The Hi-Gloss ink set comprises six primaries: cyan, magenta, yellow, red, and blue, plus a choice of photo black or matte black, which both reside in the printer full time--no cartridge swapping required. The eighth tank holds the gloss optimizer, which is applied when printing on glossy paper stock. This coating overcomes the tendency of the black pigment inks to become perceptibly less glossy soon after drying as well as preventing bronzing in those areas.
Like the R800, the 13x19-capable R1800 feeds paper through an L-shaped path, loading from the top and exiting in front. This design is easy to manage, though more prone to collecting dust than are cassette or front-feed paths. It also provides a straight-through paper path for very heavy media, including CDs or DVDs. The Stylus Photo R1800 also offers roll-paper capability, which permits prints as large as 13x44 inches. The R1800, like the HP Photosmart 8750, handles large-size output via a series of extendable plastic trays that seem rather flimsy. To protect them, consider locating the printer in a low-traffic area. In practice, the trays do work well and have the advantage of being able to retract completely into the printer body when not in use.
The Stylus Photo R1800 does a reasonably good job with black-and-white output but creates composite grays, typically resulting in a slight color cast in the print. For more neutral monochrome, you'll have to opt for the R2400. Though not quite neutral, the R1800's grays show less variability under changing light sources than do those of its competitors. It also displays a very good dynamic range and color accuracy, as well as the best flesh tones of any of the photo printers we've seen thus far. Text looks extremely sharp, though under a loupe we spotted some minor irregularities. Also, graphics had some slight printhead banding in the gradient fills, as well as some slight jaggies in the curves.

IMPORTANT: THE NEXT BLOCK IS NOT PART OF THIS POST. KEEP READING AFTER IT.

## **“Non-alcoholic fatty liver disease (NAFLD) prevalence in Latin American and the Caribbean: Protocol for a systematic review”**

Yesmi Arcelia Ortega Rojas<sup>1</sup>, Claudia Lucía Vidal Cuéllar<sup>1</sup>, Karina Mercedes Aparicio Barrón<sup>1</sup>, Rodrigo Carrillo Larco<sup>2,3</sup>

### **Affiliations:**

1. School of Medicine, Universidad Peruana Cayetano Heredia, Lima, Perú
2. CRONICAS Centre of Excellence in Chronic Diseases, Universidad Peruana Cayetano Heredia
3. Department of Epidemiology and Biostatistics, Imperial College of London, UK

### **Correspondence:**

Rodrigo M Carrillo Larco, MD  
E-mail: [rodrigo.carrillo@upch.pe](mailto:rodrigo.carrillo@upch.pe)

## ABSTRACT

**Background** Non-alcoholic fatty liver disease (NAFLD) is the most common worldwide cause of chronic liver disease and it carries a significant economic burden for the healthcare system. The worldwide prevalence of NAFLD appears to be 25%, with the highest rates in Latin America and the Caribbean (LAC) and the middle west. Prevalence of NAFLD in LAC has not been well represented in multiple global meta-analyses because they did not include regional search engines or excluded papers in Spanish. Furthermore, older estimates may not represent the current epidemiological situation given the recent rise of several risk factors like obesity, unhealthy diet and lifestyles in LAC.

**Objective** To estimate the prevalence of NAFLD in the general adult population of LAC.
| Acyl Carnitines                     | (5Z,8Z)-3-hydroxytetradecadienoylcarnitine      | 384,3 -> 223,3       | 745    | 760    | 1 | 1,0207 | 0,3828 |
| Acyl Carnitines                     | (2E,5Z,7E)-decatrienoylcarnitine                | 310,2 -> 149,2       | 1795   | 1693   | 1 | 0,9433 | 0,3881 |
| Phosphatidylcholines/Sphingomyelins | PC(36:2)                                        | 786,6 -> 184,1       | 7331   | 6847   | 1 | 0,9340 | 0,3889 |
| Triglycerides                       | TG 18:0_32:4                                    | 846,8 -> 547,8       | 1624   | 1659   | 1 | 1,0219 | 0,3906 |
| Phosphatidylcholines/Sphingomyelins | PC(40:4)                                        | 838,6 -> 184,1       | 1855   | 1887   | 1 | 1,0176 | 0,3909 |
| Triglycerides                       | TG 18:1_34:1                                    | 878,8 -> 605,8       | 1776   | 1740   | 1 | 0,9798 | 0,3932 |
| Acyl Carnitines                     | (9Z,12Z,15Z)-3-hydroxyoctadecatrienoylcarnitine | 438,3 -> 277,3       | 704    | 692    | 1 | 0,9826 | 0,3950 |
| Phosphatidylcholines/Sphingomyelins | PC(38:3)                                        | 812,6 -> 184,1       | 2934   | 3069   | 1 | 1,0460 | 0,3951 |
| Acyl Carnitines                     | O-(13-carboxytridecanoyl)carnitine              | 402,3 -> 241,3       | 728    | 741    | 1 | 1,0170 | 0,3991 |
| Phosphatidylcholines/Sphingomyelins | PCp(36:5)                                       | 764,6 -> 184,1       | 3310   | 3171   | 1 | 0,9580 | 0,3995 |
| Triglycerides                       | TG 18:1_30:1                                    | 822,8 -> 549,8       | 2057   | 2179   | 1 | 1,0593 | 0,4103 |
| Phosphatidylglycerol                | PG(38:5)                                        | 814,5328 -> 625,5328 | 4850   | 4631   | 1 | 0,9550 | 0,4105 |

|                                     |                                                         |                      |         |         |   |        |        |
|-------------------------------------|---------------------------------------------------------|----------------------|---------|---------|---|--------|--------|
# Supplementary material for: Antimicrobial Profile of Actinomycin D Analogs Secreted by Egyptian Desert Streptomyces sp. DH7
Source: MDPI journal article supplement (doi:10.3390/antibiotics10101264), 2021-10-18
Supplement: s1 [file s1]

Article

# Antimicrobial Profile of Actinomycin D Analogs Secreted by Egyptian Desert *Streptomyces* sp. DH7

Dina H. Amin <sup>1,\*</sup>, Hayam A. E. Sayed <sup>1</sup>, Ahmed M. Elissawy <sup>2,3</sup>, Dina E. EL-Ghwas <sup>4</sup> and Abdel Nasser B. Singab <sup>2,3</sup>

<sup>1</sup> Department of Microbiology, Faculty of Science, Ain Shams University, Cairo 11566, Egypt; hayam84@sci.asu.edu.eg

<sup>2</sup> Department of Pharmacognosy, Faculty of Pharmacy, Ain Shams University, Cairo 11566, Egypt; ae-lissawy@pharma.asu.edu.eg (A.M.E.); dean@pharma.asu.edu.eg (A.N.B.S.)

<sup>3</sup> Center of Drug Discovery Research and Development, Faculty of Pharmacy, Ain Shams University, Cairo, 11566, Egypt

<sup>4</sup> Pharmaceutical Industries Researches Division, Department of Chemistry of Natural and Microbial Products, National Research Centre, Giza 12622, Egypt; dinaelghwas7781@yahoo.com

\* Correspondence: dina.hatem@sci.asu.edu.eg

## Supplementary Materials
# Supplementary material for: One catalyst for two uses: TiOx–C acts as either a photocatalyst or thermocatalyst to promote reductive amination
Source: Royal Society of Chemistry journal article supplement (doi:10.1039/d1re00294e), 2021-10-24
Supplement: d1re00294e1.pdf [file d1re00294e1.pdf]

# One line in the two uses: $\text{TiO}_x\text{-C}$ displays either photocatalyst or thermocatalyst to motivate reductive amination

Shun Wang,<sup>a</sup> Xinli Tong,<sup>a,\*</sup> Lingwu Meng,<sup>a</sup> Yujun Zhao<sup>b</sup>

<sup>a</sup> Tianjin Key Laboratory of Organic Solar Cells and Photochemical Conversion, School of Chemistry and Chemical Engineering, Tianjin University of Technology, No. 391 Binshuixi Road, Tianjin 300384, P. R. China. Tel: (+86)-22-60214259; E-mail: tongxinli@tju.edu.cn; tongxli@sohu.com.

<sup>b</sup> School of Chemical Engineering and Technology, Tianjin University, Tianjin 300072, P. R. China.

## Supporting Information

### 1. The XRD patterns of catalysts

Wilhelm Research's initial print-life estimates for the UltraChrome Hi-Gloss ink set on various specialty papers indicate stability ranging from 64 to 200 years when properly mounted in a frame, under glass.
In CNET Labs' tests, the R1800 was noticeably faster than the R800--conceivably the result of testing with different versions of the printer driver--and thus far ranks as the fastest for printing text among the medium-format photo printers. It can't quite keep up with Canon for photo-printing speed, but it clearly outpaces the HP Photosmart 8750. It printed our 8x10-inch test photo (on Epson Premium Glossy Photo Paper using the Best quality option) in two minutes flat.
In nearly 90 days of use, the printer operated flawlessly except for one incident. After several idle days, it nearly stopped printing red tones. Nozzle Check revealed that about 90 percent of the red nozzles were blocked, but running Head Cleaning twice fixed the problem. Unfortunately, Epson's printheads have a reputation for this type of behavior, as we noted in the review for the R800. You should make it a habit to run Nozzle Check after several days of printer inactivity.
Like its little brother, the R800, the Epson Stylus Photo R1800 produces very good color photos, and if you're willing to put up with some finicky nozzles and imperfect black-and-white prints in exchange for speed and media flexibility, you'll find it a very solid choice.